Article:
Funny Games: The Game Sucks.

Halloween is tomorrow, so here’s a review on a “scary” movie. It’s scary, I didn’t say I would like it.

I bought Funny Games because I thought it would be a good film. From the trailer it had a sense of majestic aura but with a psychopathic twist. The plot is simple: two normal-looking boys pick a house and mess with the family if they could survive their “games.” If the family wins, they live. But if the boys win, the family dies. It is a remake of the director’s first movie from 1997. My scenario had a win-win situation. I was sadly mistaken because I immediately sold the film. I did not want that film in my house.

First, let me say the good parts. The movie is frightening; a perfect movie for Halloween. The pacing is glacially slow, but provides much tension by also having the sounds off-screen. The acting is well-deserved because the killers are unsympathetic and relentless while the family acts terrified. I commend the director for not showing the brutal death scenes as they were off-screen. This provides the audience with a more terrifying notion of what actually happened. Also, “the cat in the bag” was disturbing.

But the bad parts were plentiful compared to the good parts. Again, the movie is frightening to the point it haunted me for a while. Mainly, because the movie has a murder based in reality. This could happen to anyone! The “main” song played three times, and it was a terrible choice because it blasted terrible rock music. The killers are viewed as “repressed homosexuals,” which I found insulting and regressive for the LGBT community. It speaks volumes that they are characterized as they are psychotically disturbed and possibly gay. The movie also breaks the fourth wall completely throwing the audience off-guard. But most of all, I do not like the director’s message of violence: “We are a society expecting for violence in this media-saturated world.” What? By delivering this half-assed message, he cheats the audience of the classical Hollywood narrative of a satisfying ending. The killers should have died…painfully. I don’t care about the message because it doesn’t speak today. I just want an ending where the bad people in the world deserve their untimely fates. But the director rewinds the climactic scene to prove a point. As a viewer, I was frustrated and not impressed. For a shot-by-shot remake that he revisits a decade later, there is nothing new or groundbreaking. It is familiar territory that doesn’t impress, except with well-known actors. And lastly, not a feel good movie because it will leave you frustrated.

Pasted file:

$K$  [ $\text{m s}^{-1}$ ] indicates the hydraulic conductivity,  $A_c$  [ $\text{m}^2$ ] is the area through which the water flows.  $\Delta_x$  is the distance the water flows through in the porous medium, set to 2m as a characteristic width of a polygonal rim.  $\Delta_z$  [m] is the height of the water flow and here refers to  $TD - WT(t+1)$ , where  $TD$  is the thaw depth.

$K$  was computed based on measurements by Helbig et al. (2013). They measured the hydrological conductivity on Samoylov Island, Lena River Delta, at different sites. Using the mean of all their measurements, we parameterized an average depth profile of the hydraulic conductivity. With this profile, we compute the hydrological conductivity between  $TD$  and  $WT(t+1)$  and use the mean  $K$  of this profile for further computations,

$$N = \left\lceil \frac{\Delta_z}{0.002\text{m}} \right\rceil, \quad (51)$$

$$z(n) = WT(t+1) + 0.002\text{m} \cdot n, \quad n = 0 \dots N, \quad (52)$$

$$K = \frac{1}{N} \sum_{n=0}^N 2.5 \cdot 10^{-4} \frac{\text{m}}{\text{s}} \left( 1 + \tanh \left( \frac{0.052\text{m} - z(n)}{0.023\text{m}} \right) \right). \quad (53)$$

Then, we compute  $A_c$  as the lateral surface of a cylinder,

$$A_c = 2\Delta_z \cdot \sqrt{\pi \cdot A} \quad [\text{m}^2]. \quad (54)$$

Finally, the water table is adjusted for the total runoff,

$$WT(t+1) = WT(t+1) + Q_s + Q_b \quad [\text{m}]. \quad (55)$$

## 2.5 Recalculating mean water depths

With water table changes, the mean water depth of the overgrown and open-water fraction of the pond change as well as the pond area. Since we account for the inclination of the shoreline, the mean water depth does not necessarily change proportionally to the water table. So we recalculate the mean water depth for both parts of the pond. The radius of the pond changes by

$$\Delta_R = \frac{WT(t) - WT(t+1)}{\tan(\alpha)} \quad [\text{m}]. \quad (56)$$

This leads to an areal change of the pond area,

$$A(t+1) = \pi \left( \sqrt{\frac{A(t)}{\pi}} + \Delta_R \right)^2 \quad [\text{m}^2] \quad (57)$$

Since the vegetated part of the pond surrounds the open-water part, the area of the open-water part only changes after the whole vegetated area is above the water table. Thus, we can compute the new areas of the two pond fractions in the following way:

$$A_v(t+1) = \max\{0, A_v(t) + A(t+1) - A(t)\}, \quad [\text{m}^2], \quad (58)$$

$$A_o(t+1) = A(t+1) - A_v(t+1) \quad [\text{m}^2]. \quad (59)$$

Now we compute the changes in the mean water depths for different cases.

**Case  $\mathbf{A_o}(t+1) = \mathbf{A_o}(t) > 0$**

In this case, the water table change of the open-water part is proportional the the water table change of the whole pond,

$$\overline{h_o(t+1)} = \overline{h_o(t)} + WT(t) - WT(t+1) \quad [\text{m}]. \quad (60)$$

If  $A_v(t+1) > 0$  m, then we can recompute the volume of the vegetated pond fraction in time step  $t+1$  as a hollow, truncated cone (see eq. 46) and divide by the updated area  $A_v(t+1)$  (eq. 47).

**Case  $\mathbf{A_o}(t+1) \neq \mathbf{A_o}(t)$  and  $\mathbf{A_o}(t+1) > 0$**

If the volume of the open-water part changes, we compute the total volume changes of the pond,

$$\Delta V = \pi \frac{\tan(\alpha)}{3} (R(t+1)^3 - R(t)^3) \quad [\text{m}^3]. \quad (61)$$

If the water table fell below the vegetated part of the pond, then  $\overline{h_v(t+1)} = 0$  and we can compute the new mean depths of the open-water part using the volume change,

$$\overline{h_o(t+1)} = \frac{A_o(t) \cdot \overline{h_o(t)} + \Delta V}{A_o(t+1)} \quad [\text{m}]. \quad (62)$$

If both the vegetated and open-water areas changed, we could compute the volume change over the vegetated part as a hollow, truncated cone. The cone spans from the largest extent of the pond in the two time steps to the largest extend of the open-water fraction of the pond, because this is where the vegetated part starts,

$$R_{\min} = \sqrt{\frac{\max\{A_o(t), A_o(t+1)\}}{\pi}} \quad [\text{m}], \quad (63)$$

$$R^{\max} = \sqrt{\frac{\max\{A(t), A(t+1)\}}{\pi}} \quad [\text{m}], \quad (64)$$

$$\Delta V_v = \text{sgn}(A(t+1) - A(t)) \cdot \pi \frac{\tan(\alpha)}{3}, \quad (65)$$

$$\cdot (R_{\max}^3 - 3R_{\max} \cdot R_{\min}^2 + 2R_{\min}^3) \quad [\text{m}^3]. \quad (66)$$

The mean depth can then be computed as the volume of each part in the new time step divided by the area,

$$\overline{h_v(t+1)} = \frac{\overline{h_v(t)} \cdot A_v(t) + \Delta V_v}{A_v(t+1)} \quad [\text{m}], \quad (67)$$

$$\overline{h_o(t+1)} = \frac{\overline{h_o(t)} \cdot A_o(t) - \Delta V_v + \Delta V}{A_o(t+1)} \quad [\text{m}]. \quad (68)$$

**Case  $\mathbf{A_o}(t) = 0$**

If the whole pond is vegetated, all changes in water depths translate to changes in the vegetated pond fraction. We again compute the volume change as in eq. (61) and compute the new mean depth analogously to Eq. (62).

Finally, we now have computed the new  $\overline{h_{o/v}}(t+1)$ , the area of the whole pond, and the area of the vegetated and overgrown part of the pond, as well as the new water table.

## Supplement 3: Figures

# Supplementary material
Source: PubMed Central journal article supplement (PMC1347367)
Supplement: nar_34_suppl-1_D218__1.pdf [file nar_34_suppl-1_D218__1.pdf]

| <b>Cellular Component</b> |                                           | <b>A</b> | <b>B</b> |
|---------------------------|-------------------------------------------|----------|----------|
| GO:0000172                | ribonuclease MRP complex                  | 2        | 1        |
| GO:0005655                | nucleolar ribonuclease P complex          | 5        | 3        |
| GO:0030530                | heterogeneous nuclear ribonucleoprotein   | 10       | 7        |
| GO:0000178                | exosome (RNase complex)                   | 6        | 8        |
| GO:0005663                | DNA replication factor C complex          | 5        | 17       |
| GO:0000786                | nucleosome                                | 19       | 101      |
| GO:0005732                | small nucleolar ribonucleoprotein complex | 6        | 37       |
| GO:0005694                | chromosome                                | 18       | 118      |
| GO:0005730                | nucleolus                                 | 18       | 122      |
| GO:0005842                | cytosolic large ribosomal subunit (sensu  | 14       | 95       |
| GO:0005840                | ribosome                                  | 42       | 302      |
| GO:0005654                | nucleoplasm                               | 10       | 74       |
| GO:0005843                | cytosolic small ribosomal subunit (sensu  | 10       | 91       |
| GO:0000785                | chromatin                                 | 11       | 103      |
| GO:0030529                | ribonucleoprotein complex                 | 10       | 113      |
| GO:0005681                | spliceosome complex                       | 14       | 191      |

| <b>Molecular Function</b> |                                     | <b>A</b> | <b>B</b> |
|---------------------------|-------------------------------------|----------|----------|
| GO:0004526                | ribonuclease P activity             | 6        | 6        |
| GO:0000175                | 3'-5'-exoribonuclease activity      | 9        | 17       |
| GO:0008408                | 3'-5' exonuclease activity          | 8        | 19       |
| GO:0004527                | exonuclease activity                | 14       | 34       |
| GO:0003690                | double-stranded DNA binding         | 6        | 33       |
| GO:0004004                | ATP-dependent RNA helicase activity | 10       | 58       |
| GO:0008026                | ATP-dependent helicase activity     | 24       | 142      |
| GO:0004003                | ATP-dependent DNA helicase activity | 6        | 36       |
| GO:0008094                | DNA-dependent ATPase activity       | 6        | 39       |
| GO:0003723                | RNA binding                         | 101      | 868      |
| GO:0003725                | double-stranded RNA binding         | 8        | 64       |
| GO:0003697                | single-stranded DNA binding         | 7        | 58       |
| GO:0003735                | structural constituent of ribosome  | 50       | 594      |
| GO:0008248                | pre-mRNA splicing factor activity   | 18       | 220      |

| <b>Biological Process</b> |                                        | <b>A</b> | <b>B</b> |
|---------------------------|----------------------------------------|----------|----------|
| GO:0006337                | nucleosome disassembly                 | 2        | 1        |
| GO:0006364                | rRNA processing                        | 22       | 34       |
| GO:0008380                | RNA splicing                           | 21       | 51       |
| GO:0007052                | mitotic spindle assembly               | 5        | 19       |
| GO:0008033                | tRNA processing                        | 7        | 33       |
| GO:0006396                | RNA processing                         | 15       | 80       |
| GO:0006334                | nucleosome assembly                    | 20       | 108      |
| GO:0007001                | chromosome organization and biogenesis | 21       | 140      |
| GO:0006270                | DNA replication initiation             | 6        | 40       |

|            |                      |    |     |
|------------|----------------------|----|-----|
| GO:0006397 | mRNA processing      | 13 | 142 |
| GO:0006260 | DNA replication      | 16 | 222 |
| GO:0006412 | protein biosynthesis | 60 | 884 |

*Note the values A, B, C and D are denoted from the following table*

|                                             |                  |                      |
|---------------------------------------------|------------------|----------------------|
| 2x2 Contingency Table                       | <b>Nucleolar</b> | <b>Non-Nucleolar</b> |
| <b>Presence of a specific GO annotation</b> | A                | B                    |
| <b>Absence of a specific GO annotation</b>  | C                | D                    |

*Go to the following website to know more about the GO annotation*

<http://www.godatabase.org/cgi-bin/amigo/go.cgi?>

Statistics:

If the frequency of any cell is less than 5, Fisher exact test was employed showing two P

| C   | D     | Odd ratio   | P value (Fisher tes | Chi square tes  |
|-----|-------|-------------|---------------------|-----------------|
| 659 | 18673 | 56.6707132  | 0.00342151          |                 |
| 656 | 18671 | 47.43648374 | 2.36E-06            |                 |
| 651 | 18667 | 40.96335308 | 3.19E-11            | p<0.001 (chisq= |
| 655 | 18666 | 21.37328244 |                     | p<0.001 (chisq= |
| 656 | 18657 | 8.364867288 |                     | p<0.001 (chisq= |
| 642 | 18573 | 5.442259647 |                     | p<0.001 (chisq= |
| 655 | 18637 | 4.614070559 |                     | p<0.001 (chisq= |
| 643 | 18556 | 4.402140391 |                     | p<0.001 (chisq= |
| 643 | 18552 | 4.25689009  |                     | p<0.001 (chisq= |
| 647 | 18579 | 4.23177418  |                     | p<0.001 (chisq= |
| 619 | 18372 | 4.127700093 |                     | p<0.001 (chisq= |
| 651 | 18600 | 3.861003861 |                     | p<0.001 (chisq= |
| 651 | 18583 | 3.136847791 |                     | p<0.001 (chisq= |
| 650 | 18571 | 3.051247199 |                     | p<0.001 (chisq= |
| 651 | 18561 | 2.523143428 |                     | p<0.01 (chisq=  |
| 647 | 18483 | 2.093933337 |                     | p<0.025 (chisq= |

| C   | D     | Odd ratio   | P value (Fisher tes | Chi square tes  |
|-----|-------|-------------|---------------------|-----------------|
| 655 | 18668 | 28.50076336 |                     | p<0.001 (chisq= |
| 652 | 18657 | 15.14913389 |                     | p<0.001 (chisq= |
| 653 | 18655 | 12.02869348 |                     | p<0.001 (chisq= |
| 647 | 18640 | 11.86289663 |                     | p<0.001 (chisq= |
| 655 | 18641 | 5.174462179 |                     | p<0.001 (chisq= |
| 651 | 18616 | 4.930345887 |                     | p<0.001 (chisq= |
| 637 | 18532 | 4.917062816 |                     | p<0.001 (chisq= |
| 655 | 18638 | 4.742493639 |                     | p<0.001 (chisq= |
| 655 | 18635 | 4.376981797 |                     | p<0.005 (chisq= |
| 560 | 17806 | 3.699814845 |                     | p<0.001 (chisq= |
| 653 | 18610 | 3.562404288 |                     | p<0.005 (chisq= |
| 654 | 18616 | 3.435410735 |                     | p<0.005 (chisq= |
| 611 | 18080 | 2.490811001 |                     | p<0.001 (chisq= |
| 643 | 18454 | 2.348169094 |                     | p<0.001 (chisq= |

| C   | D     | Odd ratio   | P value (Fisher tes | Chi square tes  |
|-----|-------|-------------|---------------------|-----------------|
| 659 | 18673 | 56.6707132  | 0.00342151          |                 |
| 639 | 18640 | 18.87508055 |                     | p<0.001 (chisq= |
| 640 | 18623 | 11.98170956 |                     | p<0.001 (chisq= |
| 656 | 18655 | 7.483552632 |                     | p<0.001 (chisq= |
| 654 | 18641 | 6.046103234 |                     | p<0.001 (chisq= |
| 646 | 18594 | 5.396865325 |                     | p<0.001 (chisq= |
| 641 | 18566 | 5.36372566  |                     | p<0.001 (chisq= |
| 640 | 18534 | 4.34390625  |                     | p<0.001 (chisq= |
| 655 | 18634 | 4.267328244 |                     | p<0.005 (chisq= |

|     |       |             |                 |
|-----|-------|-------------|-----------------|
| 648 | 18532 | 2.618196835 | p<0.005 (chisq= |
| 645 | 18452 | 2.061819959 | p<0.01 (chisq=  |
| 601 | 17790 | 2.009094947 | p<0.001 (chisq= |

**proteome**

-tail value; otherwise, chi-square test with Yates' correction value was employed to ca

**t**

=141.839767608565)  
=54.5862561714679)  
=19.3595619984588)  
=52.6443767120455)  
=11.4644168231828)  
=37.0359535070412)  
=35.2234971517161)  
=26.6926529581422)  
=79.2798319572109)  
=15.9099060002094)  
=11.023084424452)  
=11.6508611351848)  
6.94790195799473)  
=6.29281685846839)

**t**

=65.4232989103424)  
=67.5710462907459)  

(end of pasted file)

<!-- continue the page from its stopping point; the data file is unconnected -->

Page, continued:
My rating: 3/10

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